Ben Symon agonises over his next move during a tournament in Tauranga, where the cream of the country's young chess players matched wits in the ancient war game to decide which schools had the best teams.

As usual, Auckland emerged as New Zealand's chess powerhouse, taking first, second and third in each of the secondary, intermediate and primary school divisions of the competitions held at Mount Maunganui College over the weekend.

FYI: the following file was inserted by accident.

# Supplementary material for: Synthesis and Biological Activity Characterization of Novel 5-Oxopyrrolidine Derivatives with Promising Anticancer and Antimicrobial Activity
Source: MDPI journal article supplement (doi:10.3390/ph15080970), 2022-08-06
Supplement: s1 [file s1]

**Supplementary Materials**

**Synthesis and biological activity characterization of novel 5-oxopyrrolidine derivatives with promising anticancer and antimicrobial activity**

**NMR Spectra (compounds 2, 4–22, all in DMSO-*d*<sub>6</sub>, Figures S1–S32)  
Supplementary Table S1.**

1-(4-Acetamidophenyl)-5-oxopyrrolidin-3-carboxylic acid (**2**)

Tauranga's three teams finished well down in the Inter-School Chess Finals, which comprised 36 qualifying schools from as far afield as Dunedin.

Organiser Bob Smith said chess remained popular over the centuries because it was a cross between art and maths in which players had to be both logical and creative.


He said players could express their own personalities because there were so many ways to play, from wild attacking chess to defensive chess.

Tauranga Boys' College player Naveen Saily described himself as a moderately attacking player.

The Year 9 student clocked up a good result by winning 4 points from his six games. Tauranga Boys finished ninth out of the 10 secondary teams.